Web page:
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Do I start on metformin?

Discussion in 'Newly Diagnosed' started by Lofty 2, Feb 27, 2018.

  1. Lofty 2

    Lofty 2 Type 2 · Newbie

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    I have recently been diagnosed with diabetes and given a script for metformin. I have a series of tests over the last few years showing pre-diabetic results with HbAlc of 6.0-6.4 and then a recent bump to 7.2 mmol/mol.

    I have purchased a blood glucose machine and started testing and trying to understand the results. For example yesterday, the results were:

    8.00am.....8.9 mmol/L Fasting
    10.20am...7.2 mmol/L Breakfast 8.30am 2 x shortcut bacon slices, 1 egg on mountain bread (35cal 6.75g carb)
    2.15pm.....8.2 mmol/L Lunch 12.30pm chicken tender, 1/2 battered fish and salad
    10.35pm...5.8 mmol/L Dinner 7.15pm Chicken and veges
    10.40pm...6.3 mmol/L Checked 5 mins later

    My fasting BGL has varied between 5.8 and 7.6 mmol/L. The 8.9 was a surprise. I did some reading and it could be the reported Dawn effect and a residue of the previous night. This would make sense as the last thing I ate before going to bed the previous was a chip sandwich ... OK yes I succumbed to temptation.

    My GP who is not available for 2 weeks said I could go on metformin now but if I am getting constantly over 8 fasting then Metformin is a must.

    I have been resisting going on metformin as I have a started a significant weight loss and exercise program and hoping to get the BGL down. I have lost 8kgs and my exercise and activity levels have increased markedly.

    I appreciate advice on whether I should consider starting on metformin or delay the start.

    How easy is it to come off metformin if BGL follows weight down?
     
  2. paulus1

    paulus1 Type 2 · Well-Known Member

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    totally up to you it can assist a little in weight loss and lower your resistance.
     
  3. Bluetit1802

    Bluetit1802 Type 2 (in remission!) · Guru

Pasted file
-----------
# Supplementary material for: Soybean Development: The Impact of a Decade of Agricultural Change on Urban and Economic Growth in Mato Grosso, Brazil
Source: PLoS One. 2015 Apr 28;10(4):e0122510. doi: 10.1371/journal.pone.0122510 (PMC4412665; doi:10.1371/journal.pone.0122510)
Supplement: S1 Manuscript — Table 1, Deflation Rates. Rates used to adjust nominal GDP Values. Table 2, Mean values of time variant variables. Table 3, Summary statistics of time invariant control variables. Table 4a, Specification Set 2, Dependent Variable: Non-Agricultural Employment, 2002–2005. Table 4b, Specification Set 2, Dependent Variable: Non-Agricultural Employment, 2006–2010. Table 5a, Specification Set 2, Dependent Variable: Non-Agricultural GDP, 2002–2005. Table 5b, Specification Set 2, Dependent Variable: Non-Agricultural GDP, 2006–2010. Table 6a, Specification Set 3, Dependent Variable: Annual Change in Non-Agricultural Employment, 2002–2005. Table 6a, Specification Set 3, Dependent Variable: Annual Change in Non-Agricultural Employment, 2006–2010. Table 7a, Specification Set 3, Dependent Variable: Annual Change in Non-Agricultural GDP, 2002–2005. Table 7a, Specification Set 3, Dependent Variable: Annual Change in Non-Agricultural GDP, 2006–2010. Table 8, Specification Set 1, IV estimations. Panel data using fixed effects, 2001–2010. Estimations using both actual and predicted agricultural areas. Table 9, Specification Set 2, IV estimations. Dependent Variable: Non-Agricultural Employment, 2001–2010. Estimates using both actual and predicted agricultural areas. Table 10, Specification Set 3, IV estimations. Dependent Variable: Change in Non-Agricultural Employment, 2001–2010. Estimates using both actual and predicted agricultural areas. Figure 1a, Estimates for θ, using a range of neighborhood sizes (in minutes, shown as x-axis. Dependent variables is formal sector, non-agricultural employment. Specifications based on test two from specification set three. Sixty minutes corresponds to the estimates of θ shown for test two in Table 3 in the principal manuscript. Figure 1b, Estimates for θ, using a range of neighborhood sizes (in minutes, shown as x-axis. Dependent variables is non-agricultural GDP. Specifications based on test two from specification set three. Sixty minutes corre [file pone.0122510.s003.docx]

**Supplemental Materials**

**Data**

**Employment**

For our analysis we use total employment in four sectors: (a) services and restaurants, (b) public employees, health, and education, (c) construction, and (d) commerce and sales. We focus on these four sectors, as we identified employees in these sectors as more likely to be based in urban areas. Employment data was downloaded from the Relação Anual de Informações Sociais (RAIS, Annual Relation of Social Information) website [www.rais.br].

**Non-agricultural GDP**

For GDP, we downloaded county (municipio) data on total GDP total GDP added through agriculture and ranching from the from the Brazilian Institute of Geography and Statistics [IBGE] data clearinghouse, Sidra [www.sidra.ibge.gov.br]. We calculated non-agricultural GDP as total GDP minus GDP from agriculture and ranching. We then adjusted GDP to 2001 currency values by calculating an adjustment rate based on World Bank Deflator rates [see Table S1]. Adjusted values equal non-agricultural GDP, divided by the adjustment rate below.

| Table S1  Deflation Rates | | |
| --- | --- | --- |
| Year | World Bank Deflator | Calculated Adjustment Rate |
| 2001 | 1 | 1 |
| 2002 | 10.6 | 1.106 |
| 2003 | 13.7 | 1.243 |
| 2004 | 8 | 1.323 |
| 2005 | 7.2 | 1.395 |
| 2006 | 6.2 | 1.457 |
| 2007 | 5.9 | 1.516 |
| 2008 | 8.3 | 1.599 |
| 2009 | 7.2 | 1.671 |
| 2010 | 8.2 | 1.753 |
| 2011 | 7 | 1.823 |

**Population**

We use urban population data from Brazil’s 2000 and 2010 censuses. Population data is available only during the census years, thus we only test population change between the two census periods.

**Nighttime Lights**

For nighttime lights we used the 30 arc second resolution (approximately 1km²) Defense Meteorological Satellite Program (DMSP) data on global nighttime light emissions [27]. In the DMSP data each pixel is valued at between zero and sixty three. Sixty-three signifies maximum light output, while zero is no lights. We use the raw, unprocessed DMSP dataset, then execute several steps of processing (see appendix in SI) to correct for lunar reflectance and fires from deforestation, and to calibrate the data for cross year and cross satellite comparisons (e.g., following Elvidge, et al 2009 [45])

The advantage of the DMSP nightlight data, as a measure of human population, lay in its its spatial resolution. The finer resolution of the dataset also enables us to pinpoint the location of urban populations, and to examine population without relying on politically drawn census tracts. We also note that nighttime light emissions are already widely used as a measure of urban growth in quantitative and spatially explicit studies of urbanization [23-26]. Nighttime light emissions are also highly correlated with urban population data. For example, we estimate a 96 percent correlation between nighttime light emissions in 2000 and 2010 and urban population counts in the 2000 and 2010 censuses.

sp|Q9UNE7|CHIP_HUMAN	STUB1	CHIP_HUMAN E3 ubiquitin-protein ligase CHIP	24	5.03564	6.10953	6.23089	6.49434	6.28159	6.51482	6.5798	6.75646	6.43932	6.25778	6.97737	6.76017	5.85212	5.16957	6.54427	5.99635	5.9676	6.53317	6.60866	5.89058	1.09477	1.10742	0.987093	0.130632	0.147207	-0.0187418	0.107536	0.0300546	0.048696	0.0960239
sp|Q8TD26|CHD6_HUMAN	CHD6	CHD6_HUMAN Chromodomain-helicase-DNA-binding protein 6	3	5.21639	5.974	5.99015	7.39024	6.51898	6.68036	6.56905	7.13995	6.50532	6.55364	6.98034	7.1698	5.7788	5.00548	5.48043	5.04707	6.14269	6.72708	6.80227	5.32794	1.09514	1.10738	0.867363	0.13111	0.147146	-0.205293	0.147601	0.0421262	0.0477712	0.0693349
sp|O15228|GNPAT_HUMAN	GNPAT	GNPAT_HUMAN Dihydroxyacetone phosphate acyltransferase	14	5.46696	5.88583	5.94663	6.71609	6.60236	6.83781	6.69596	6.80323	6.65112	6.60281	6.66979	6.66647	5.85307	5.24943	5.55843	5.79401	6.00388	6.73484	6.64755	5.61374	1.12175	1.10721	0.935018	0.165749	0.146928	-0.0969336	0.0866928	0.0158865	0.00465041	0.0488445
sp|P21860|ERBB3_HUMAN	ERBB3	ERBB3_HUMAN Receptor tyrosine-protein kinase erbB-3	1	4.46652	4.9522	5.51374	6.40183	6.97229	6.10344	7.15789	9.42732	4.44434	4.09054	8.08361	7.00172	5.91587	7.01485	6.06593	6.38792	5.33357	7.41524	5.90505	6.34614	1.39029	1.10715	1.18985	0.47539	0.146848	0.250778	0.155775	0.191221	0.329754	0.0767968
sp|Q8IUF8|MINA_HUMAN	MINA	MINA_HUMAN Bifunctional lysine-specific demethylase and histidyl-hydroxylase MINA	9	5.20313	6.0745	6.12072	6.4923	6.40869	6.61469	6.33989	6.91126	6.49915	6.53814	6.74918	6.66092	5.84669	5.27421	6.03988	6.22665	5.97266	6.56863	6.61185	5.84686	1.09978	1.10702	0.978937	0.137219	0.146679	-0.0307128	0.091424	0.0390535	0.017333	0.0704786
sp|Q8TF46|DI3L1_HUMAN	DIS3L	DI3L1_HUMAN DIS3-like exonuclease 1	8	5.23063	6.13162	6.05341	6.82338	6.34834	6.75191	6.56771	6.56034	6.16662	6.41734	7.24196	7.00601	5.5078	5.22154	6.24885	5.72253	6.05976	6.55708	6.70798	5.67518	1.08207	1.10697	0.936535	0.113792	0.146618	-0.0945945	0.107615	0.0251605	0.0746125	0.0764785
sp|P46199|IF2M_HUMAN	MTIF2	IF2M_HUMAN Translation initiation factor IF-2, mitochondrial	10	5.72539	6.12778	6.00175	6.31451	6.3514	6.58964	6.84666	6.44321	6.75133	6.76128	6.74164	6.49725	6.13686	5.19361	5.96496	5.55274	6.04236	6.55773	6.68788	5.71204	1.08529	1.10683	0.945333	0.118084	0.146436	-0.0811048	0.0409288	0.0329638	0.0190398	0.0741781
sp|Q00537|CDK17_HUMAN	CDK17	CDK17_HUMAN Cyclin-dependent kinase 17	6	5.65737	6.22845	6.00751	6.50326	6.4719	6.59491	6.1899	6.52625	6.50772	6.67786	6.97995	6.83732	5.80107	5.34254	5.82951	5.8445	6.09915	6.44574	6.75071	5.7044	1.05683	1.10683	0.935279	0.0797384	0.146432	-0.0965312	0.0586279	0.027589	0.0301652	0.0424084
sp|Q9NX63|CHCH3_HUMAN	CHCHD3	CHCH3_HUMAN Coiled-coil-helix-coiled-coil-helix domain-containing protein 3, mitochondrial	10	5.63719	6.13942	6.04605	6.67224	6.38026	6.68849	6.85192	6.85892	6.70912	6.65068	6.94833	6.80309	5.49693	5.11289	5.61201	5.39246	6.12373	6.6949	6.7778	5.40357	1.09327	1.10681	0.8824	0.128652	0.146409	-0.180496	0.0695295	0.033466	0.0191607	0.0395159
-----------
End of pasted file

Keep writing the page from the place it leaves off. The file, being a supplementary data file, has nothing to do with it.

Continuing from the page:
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    Taking Metformin or not is entirely up to you. It may help you, but using your meter before eating and 2 hours after first bite then acting on the information it gives you will help more.

    However, if you want to improve your levels you should have a close look at your diet and see where that can be improved. The battered fish could go, and that would help. (or scrape the batter off and eat the flesh) and of course you already know the chip butty was a bad idea.

    Tagging @daisy1 for the useful information she gives to newcomers.
     
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  4. Daibell

    Daibell LADA · Master

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    Hi. Metformin can be stopped at any time as it's not addictive etc. It's your choice but it won't do any harm but won't help a lot either. I still take it after 15 years with my insulin. If it gives you bowel problems either tolerate it for a week or two or ask for the Slow Release (SR) version. BTE the morning reading probably was the dawn effect.
     
  5. daisy1

    daisy1 Type 2 · Legend
    Retired Moderator

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    @Lofty 2

    Hello Lofty and welcome to the Forum :) Here is the Basic Information we give to new members and I hope you will find it useful. Ask as many questions as you need to and someone will help.


    BASIC INFORMATION FOR NEWLY DIAGNOSED DIABETICS

    Diabetes is the general term to describe people who have blood that is sweeter than normal. A number of different types of diabetes exist.

    A diagnosis of diabetes tends to be a big shock for most of us. It’s far from the end of the world though and on this forum you'll find well over 235,000 people who are demonstrating this.

    On the forum we have found that with the number of new people being diagnosed with diabetes each day, sometimes the NHS is not being able to give all the advice it would perhaps like to deliver - particularly with regards to people with type 2 diabetes.

    The role of carbohydrate